Arkie Mama: Let’s kick some cancer butt

I moved to Arkansas in August 1999. A month later, I was assigned to cover that year’s Race for the Cure.

People, I was stunned.

More than 22,000 people had registered to walk or run. I vowed that next year, I would be one of them.

Since then I’ve participated in all but a few races. I remember the year I tied pink bandannas around my baby daughter’s stroller; the year my then 10-year-old stepdaughter walked with me; the year I bumped into the director of my children’s daycare. She stood on the sidewalk, crying, thinking of the two family members she had lost to breast cancer.

Last year, around 50,000 people participated. I’m sure the number this year will be even higher.

Tomorrow, I will be hosting Susan of Toddler Planet. She’s written a beautiful yet sobering post for us about a type of breast cancer many women have never heard of. Inflammatory breast cancer, or IBC, is one of the most deadly forms of this disease. Susan is the mother of two young sons. Her story is one of determination, hope and joy.

Saturday, the Little Rock Mamas will be out in full force. A few will be manning a booth, where you’ll find free coffee and tickets to Girls’ Night Out, 7 p.m., Race Day. Your ticket gets you in free and makes you eligible for several raffle prizes. We hope you’ll join us. Our booth will be in the parking lot at Third and Broadway.

If you go to our homepage, we’ve provided lists (and links) of every race-related activity.

And now I’d like to share that story I wrote 10 years ago. Make sure you read to the end. Because then you’ll understand why this fight is so very important.

There’s power in pink, Race for Cure shows Fund-raiser to fight breast cancer put men on sidelines, in spirit only


You’d have thought the scene downtown — hordes of determined women and an abundance of pink — would have kept most men from venturing anywhere near the heart of Little Rock on Saturday morning.
But a significant portion of the male population turned out to participate in this year’s Race for the Cure, the annual fund-raiser for breast cancer research.
And many of them even wore pink.
“Can they keep up with me? That’s the question,” boasted Kenneth Finney, associate pastor of New Light Baptist Church, gesturing toward the large group of women he was accompanying in the race.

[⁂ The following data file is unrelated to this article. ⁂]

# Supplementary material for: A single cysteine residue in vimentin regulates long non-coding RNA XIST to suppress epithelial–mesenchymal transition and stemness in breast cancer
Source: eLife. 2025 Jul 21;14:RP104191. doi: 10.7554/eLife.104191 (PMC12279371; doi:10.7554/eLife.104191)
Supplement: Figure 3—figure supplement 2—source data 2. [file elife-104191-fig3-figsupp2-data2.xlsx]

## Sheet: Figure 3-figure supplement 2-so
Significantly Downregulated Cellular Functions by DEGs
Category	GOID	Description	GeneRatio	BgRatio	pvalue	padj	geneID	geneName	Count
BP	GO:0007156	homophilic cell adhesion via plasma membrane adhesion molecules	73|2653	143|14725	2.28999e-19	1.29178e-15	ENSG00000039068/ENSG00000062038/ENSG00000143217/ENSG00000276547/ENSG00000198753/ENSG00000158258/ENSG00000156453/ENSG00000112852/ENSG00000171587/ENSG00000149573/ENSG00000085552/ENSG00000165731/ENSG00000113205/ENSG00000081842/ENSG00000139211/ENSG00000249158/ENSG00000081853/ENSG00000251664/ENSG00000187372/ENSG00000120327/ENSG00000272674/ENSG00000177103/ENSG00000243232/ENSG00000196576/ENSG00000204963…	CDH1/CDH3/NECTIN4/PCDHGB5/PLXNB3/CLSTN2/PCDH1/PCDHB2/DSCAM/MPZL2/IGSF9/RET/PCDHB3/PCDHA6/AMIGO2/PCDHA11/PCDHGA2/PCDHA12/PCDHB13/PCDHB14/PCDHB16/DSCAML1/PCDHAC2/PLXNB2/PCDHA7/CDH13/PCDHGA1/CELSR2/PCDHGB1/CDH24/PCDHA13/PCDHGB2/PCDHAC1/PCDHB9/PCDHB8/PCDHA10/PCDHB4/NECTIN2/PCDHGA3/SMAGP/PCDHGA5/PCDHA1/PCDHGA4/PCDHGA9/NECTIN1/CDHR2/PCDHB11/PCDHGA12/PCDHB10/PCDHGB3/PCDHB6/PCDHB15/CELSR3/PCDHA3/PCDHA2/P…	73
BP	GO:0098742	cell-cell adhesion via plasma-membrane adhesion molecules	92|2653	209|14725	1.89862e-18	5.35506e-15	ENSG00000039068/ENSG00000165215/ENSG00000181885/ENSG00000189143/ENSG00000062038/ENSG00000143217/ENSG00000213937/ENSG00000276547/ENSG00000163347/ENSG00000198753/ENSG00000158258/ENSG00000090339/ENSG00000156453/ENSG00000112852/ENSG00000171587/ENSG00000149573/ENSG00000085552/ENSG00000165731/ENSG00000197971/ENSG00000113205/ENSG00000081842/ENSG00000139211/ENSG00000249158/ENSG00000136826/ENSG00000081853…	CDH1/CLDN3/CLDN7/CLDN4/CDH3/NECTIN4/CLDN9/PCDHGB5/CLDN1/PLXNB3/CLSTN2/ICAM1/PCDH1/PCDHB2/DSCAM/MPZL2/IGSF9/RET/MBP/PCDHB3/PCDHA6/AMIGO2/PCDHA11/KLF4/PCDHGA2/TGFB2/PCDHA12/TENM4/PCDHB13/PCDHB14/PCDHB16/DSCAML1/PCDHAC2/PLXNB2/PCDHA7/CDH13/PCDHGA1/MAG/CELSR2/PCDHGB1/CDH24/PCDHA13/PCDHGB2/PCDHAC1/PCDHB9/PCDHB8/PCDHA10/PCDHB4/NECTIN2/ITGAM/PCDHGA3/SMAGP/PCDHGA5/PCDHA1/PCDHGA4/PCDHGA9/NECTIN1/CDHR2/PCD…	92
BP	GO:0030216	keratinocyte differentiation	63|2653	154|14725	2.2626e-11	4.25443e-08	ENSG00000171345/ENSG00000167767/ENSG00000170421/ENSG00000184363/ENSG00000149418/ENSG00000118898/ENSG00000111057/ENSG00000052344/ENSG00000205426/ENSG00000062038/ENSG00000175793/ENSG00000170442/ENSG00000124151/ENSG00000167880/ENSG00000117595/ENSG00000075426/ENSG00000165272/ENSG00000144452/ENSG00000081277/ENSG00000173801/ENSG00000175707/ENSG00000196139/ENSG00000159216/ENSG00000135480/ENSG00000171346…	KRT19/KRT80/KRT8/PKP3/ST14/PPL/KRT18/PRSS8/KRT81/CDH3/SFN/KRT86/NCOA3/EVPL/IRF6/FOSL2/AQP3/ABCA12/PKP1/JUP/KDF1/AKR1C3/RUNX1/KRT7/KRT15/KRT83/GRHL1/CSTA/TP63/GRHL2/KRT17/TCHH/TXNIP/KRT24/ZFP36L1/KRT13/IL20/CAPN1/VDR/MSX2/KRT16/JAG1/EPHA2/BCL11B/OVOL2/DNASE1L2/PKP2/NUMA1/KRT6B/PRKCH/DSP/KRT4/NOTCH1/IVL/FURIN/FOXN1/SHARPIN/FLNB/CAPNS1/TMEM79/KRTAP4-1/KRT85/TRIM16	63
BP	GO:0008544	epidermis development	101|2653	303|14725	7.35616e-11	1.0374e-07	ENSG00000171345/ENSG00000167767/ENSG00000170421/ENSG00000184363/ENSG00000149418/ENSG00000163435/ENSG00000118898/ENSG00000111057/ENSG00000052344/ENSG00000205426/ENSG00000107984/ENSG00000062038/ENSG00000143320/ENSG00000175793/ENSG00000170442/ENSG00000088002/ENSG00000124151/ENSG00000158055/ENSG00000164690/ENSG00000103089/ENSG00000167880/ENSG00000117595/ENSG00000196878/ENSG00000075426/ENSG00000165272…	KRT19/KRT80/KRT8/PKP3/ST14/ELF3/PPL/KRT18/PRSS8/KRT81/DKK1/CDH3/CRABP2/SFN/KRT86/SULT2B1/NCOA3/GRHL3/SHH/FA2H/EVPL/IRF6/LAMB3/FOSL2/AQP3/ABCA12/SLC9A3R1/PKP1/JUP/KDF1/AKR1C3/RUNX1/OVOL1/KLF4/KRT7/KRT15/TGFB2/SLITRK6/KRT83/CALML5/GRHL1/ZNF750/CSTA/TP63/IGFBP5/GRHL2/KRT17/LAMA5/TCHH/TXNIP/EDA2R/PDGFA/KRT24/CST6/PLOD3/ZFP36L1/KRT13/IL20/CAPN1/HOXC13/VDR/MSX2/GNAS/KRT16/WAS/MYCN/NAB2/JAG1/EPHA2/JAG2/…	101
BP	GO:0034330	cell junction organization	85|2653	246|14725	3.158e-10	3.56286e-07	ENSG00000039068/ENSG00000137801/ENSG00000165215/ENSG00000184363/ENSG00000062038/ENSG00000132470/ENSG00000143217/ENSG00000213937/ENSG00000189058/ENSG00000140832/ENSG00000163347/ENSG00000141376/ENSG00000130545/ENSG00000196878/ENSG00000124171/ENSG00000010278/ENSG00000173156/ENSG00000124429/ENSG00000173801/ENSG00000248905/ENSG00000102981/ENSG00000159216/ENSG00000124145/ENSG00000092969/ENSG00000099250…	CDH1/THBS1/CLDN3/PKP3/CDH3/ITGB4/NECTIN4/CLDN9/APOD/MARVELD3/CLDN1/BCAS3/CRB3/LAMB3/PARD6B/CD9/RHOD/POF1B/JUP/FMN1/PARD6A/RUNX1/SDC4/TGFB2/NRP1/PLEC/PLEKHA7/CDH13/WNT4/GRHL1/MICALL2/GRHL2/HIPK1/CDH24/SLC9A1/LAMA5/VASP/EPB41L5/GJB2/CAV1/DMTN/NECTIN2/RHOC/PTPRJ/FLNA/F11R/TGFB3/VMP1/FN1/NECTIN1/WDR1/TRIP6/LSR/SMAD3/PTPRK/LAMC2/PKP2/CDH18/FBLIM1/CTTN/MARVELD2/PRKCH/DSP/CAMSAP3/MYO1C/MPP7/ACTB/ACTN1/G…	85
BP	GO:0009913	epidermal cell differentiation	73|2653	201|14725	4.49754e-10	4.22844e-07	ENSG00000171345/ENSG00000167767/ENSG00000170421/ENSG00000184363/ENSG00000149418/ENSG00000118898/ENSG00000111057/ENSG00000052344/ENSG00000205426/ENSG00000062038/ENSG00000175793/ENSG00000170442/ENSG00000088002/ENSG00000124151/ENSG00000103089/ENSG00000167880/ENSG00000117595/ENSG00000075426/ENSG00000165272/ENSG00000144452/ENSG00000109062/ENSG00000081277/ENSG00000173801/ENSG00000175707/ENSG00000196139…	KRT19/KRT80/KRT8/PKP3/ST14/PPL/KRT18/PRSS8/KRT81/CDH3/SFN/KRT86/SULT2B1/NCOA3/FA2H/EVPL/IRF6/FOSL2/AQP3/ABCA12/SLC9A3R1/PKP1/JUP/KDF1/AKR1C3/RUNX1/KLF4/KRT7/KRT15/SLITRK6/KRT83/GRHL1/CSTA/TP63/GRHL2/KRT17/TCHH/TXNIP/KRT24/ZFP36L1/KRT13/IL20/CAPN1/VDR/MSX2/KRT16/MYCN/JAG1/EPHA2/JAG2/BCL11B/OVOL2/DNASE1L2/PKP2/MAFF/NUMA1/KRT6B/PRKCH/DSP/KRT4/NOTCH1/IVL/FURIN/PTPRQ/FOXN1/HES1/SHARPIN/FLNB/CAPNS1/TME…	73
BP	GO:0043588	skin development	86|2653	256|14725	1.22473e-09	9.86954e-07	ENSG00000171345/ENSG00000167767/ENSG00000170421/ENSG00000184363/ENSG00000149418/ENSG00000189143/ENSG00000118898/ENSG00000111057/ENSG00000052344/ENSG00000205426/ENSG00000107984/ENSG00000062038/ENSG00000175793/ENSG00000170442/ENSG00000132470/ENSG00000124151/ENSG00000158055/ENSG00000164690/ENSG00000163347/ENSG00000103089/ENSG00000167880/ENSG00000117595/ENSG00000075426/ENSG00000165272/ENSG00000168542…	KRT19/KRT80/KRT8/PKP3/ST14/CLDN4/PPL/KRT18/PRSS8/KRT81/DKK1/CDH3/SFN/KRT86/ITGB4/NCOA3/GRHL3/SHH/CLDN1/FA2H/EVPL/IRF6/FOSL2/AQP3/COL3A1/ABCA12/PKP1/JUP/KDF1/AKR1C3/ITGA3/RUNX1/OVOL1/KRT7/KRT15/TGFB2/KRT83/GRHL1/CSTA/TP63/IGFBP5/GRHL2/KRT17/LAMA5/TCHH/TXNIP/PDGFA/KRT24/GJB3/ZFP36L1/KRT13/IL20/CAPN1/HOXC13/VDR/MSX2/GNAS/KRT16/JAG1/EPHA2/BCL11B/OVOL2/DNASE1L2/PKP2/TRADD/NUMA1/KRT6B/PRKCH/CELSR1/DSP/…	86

As 11 heads swiveled in his direction, however, Finney winced and began backpedaling.
“Of course, there are enough of them to carry me if I can’t,” he added meekly.
Gwen Ingram, one of Finney’s parishioners, shot her minister a look of mock disapproval. “I’m sure there are a few women here who can manage to outrun you,” she said wryly.
Not all of the men present at the early morning event were running — or even walking, for that matter. Many had signed on to be enthusiastic spectators, including one man whose border collie wore a large pink bow.
This year, more than 1,100 men arrived downtown to participate in “Three Miles of Men.” That’s way up from last year’s 280, said an elated Barbara Wagner, who helped coordinate the male-oriented part of the event.
She credited a new, catchier name and the decision to approach corporations with a request for participation from men.
Those who were part of the three-mile endeavor decorated designated street corners, where they cheered on their female co-workers.
But sometimes guys can’t help but be — well … guys.
Two men simply couldn’t refrain from clocking various contestants, comparing times by referring to the women by wardrobe choices.
“No, the one in the tiger pants … what did she log?” one asked the other as they struggled to figure out who was fastest.
Only a few feet down the street, a large group of men harangued a buddy nicknamed “Doc,” who apparently not only couldn’t keep up, but got lost and followed the wrong course.
“I took a shortcut and they still passed me,” he gasped to his unsympathetic, snickering friends.
The out-of-breath Doc was one of about 22,000 people who registered for the 1999 race, which wound through a large chunk of downtown.
The atmosphere, with its balloons, dance music and cheers, was festive. But throughout the morning, there were several sobering reminders of the event’s very serious purpose.
Survivors of breast cancer solemnly accepted pink carnations as they crossed the finish line. And waiting to greet them were tearful family members and friends.
While most women said they see the annual race as a time of sisterhood and bonding, many of the men said it held deep meaning for them as well. Several said they had watched relatives and friends suffer as they struggled to fight the disease.
Shortly before the race began, there was a moment of silence for those who had lost the battle. At its conclusion, the excited chatter and music started up again as hundreds of thousands of women prepared to walk and run.
In the midst of one lively group stood a man who watched the release of thousands of balloons with tears in his eyes. On the back of his T-shirt was a pink sign that read: “I race for the cure … In memory of Liz.”
In his arms was a little girl. Her sign also was dedicated to Liz — “My mommy.”

Crossing the Broadway bridge, October 2008

Crossing the Broadway bridge, October 2008

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